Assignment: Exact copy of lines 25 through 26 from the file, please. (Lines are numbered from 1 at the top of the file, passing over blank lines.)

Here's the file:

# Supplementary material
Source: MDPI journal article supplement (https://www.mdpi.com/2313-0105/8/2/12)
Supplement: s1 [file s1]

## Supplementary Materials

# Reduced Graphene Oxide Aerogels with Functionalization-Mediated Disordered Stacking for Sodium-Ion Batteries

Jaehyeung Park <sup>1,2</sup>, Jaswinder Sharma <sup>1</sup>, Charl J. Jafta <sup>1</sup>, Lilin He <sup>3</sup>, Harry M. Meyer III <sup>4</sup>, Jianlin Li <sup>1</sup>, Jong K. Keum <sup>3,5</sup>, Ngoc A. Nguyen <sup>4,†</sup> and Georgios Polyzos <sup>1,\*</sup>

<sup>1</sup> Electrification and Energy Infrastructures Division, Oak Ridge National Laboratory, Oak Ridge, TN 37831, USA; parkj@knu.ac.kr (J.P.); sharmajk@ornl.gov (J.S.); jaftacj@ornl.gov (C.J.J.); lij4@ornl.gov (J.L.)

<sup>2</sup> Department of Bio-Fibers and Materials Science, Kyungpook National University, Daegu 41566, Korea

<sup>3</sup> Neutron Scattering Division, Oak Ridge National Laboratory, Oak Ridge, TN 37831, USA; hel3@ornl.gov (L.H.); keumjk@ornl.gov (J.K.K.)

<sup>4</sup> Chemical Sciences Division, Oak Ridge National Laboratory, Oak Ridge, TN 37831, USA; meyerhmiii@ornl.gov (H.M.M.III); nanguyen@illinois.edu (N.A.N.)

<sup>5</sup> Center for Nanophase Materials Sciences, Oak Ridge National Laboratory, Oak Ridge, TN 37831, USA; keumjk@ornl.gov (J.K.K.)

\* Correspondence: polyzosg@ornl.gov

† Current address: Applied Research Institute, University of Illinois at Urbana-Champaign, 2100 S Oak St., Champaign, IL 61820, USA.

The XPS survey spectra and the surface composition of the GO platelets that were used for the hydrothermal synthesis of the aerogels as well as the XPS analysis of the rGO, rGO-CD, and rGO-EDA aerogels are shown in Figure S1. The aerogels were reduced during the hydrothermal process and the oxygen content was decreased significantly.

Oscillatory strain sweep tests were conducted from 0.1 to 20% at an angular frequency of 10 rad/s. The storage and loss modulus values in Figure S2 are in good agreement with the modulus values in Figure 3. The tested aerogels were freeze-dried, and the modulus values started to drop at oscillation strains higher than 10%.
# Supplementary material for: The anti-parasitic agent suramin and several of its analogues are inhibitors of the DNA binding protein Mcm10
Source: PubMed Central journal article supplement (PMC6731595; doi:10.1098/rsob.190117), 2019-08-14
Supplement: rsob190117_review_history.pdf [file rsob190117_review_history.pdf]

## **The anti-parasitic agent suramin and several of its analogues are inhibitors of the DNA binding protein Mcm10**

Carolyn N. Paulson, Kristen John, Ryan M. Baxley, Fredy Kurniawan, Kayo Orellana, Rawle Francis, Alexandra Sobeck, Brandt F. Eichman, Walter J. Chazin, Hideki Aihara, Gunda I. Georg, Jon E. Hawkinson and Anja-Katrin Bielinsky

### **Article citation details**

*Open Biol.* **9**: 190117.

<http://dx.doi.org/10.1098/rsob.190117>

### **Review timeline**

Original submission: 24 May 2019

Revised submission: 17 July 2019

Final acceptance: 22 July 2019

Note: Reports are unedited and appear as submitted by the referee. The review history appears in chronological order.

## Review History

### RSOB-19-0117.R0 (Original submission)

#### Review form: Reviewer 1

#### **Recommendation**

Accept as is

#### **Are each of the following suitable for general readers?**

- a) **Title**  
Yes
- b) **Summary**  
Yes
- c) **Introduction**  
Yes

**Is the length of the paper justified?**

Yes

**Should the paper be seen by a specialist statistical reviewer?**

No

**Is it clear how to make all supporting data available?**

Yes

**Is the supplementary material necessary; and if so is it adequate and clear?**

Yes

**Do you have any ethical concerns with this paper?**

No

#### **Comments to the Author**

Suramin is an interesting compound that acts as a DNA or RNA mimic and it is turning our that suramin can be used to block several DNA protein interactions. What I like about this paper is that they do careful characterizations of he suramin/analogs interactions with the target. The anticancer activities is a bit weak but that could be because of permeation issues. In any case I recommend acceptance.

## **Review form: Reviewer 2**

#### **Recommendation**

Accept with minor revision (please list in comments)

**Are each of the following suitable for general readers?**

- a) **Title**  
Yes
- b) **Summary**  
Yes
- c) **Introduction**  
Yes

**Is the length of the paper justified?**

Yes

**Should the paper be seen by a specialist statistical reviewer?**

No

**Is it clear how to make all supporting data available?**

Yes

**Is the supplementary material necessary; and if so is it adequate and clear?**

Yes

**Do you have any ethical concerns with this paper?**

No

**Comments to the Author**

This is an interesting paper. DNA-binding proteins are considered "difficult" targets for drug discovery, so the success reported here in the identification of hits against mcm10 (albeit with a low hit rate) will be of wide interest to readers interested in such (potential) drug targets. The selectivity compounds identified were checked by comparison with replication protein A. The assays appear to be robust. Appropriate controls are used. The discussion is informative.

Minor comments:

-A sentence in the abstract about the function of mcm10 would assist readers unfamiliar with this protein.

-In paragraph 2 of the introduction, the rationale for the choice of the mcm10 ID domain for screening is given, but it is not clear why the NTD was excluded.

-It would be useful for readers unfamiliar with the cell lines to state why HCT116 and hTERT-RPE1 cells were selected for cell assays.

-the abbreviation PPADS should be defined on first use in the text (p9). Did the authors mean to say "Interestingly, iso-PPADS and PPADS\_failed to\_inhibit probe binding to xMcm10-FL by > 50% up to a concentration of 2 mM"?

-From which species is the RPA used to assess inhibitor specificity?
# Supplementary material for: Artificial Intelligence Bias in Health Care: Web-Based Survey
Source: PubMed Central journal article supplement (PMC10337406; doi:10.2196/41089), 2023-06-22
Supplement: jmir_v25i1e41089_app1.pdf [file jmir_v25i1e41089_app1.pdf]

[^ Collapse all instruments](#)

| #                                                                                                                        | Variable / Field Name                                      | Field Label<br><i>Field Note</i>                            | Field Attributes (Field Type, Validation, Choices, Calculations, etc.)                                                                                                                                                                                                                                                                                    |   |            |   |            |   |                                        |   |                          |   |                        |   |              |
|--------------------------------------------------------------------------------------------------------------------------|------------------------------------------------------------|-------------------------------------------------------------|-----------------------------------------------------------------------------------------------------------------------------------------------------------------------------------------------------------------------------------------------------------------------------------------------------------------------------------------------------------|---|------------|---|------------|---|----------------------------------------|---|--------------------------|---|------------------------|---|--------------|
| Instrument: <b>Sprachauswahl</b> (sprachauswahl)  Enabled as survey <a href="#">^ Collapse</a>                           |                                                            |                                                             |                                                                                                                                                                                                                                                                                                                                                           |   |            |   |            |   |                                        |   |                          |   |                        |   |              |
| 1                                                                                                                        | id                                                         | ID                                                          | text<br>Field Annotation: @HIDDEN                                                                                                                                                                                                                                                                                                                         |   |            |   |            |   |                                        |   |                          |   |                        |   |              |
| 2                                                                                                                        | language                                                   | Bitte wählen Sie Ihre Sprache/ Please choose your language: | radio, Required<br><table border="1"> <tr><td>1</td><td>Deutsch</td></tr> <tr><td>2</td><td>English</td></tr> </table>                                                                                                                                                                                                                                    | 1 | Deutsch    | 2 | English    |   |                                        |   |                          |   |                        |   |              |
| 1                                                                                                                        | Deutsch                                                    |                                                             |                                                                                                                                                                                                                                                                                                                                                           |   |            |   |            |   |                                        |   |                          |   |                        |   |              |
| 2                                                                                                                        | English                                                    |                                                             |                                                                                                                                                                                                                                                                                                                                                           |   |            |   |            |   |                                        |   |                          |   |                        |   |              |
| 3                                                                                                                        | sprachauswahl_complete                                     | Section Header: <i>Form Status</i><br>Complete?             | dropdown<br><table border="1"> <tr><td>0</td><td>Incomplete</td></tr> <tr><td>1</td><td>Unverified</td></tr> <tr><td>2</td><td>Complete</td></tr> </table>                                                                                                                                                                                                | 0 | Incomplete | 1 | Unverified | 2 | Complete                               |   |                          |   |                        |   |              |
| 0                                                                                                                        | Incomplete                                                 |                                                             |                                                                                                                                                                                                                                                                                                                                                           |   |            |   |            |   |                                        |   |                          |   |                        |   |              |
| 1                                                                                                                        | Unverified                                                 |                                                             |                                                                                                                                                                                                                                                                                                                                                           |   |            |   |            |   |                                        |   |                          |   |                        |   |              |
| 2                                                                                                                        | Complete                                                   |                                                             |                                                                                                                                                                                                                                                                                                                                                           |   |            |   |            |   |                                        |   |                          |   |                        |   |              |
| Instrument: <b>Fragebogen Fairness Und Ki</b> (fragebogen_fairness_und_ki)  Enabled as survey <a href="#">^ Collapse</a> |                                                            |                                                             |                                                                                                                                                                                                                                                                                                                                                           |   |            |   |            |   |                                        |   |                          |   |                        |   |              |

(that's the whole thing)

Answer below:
Original submission: 24 May 2019

Revised submission: 17 July 2019